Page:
Wednesday 28 August 2019

A Tale of Two Oiks

Over the summer months we’ve been receiving reports of how our feathered friends are faring at far-flung breeding grounds. So, for this blog we’re going to open the files and take a look at how two of the Dublin Bay-ringed Oystercatchers, or ‘Tjaldar’ in Icelandic, got on over the last few months.

Oystercatcher on breeding territory, Scotland
Photo by Thomas McDonnell

Gudmundur Orn Benediktsson or Bói, is helping the University of Iceland with a colour-ringing project they have been running for several years. In the process, he has collected a fabulous amount of data on colour-ringed waders in Iceland, one of which - luckily for us - is the Oystercatcher ‘XT’.  

Oystercatcher 'XT' on breeding territory at Leirhofn, Iceland 2018
Photo by Gudmundur Orn Benediktsson 

XT was colour ringed by the Dublin Bay Birds Project (DBBP) in 2014 at Sandymount Strand in Dublin Bay. In April 2015, the first ever resighting of this bird was made by Bói in Leirhöfn, Iceland, 1,550 km from Sandymount Strand as the Oik flies. Since then, Bói sees XT in Iceland every summer, with us seeing XT back in Dublin Bay each winter. Already this bird has been spotted at Sandymount after an impressive return migration from Iceland (August 2019).

The journey to and from Leirhöfn, Iceland each year if XT takes the most direct route. A distance of 1,550 km each way.

XT is an early bird, being one of the first of the Oystercatchers to arrive on the breeding grounds in Leirhöfn each year since Bói has been following its progress. This year, Boi first observed it on March 10th which is the earliest observation he has had of it to date on that breeding territory. Leaving Ireland’s more temperate climate this early in the season is an ecological gamble.

On the one hand, as one of the first Oystercatchers to arrive XT faces less competition for suitable breeding habitat and can begin to breed earlier. This gives its offspring more time to gain weight and condition prior to migration back to wintering grounds, which increases their chances of survival on the arduous journey (Gill et al, 2013).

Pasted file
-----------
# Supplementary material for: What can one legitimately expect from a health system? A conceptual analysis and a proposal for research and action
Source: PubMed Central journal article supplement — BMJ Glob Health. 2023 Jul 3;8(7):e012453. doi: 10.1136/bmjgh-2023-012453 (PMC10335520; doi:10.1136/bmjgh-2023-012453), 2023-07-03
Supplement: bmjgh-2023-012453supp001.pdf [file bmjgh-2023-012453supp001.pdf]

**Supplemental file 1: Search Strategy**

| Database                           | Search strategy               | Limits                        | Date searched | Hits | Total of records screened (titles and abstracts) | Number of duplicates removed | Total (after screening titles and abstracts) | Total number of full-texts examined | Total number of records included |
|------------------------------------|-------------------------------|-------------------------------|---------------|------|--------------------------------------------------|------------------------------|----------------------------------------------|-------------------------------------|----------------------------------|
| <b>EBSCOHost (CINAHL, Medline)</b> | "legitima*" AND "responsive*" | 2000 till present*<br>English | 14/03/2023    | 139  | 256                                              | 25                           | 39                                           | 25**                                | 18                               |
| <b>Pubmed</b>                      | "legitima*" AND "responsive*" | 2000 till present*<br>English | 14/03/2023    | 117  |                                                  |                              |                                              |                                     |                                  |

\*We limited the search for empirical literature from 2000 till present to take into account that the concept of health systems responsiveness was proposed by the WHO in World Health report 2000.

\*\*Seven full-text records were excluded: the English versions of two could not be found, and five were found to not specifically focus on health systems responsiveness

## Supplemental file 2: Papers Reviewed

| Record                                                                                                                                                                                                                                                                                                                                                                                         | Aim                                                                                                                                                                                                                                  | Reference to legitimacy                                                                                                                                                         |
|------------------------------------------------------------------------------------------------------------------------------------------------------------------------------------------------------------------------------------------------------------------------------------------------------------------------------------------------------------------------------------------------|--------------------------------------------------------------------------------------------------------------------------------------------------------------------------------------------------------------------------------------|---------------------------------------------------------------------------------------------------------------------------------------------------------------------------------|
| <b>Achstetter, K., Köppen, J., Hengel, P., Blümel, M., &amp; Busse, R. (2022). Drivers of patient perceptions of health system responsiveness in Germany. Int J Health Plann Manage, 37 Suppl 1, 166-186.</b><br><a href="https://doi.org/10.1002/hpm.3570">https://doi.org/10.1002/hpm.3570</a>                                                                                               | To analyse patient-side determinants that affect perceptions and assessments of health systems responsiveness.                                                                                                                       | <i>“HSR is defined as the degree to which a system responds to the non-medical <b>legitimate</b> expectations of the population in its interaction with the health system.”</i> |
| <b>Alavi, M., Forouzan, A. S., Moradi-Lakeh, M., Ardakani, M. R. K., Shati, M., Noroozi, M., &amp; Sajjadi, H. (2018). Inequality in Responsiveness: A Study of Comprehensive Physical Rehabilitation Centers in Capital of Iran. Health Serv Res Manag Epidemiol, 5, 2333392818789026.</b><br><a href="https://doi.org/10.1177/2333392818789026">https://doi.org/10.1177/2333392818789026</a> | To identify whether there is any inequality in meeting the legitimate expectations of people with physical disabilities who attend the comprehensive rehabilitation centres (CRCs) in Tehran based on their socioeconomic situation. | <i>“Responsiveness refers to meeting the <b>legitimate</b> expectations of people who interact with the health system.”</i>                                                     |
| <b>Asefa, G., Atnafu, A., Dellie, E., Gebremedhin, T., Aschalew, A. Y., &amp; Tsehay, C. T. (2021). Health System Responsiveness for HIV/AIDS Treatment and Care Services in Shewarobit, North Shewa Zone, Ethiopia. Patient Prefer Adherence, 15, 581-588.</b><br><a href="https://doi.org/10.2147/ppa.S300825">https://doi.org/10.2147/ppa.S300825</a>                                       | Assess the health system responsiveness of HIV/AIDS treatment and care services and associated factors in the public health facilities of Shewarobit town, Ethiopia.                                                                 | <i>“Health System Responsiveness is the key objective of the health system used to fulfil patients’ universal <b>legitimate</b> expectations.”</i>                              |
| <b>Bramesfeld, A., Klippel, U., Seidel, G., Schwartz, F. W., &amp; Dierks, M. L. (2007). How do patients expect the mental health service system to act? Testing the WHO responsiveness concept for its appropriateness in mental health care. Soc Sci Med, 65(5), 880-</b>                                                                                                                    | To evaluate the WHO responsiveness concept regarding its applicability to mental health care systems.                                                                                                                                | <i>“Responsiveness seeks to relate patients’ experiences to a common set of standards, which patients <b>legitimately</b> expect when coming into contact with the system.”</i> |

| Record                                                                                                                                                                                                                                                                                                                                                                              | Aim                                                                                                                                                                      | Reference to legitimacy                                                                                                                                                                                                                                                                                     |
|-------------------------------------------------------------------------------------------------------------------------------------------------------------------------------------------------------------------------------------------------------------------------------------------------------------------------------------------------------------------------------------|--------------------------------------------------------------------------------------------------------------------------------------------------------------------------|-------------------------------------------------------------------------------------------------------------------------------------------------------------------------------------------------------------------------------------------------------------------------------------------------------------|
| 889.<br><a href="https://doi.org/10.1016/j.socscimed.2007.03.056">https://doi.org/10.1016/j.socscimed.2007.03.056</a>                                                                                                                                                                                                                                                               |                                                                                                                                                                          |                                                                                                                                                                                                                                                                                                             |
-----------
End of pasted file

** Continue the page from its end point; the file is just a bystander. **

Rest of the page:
XT's nest at Leirhofn, Iceland 2018
Photo by Gudmundur Orn Benediktsson 

On the flip side, during the first two weeks of March in 2019, daytime temperatures in northern Iceland ranged from -5°C to 4°C during the day, and -15°C to 0°C at night (Accuweather historical data). Surviving these freezing temperatures, particularly following a trans-Atlantic migration when the need to feed is of critical importance for these birds, is energetically very costly. Despite these tough conditions, we were delighted to hear from Bói that XT and its unringed mate managed to produce young this year, showing the resilience of these feathered fowl!

Oystercatcher with leggy chick!
Photo by John Haslam

Closer to home, John Bowler the RSPB Scotland Island Officer for Tiree, has been keeping us up to date on how ‘ZN’, another Dublin Bay colour-ringed Oystercatcher, has been faring. 

Oystercatcher 'ZN' on breeding territory at Loch a’ Phuill, Isle of Tiree, Scotland
Photo by John Bowler

ZN found love with the Welsh-ringed bird ‘AY5’ in April this year. AY5 was ringed at Bangor Harbour in Gwynedd, Wales, in January 2014 by Stephen Dodd of the RSPB (who, incidentally, has submitted observations of some of our other colour-ringed terns to us!). These two birds flew a combined 760 kilometres one way in order to raise the next generation! 

Oystercatcher and Sanderling flock
Photo by Kevin Murphy

Ring-reading gives us a fantastic insight into migration. It tells us when birds are beginning to migrate, changes in timing of migration, areas which are important to these species both as final destinations and pit stops, longevity and survival rates. So, a massive thank you to Gudmundur and John and Stephen, and everyone else who has read colour-rings, and sent them in to us! Ye’re a fabulous bunch! 

Ring reading waders on Sandymount Strand in Dublin Bay

If you spot an Oystercatcher, Bar–tailed Godwit or Redshank colour-ringed by the Dublin Bay Birds Project you can submit your resighting here. They really are appreciated! The DBBP colour-ring combinations are shown below. Birds colour-ringed at North Bull Island have a blue colour-ring with no inscription on the left leg rather than a yellow one.

Dublin Bay Birds Project colour ring combination for wading birds ringed on south Dublin Bay
Photo by Richard Nairn

Dublin Bay Birds Project colour ring combination for wading birds ringed on north Dublin Bay
Photo by John Fox

From all in the Dublin Bay Birds Project team, thanks so much!!

Gill, J.A., Alves, J.A., Sutherland, W.J., Appleton, G.F, Potts, P.M., and Gunnarsson, T.G. 2013. Why is timing of bird migration advancing when individuals are not. Proceedings of the Royal Society for Birds.

1 comment:

  1. Thanks for sharing this wonderful post with us. This was just amazing to read and to see how you can keep track of them over the years. Have a wonderful day and keep up the posts.
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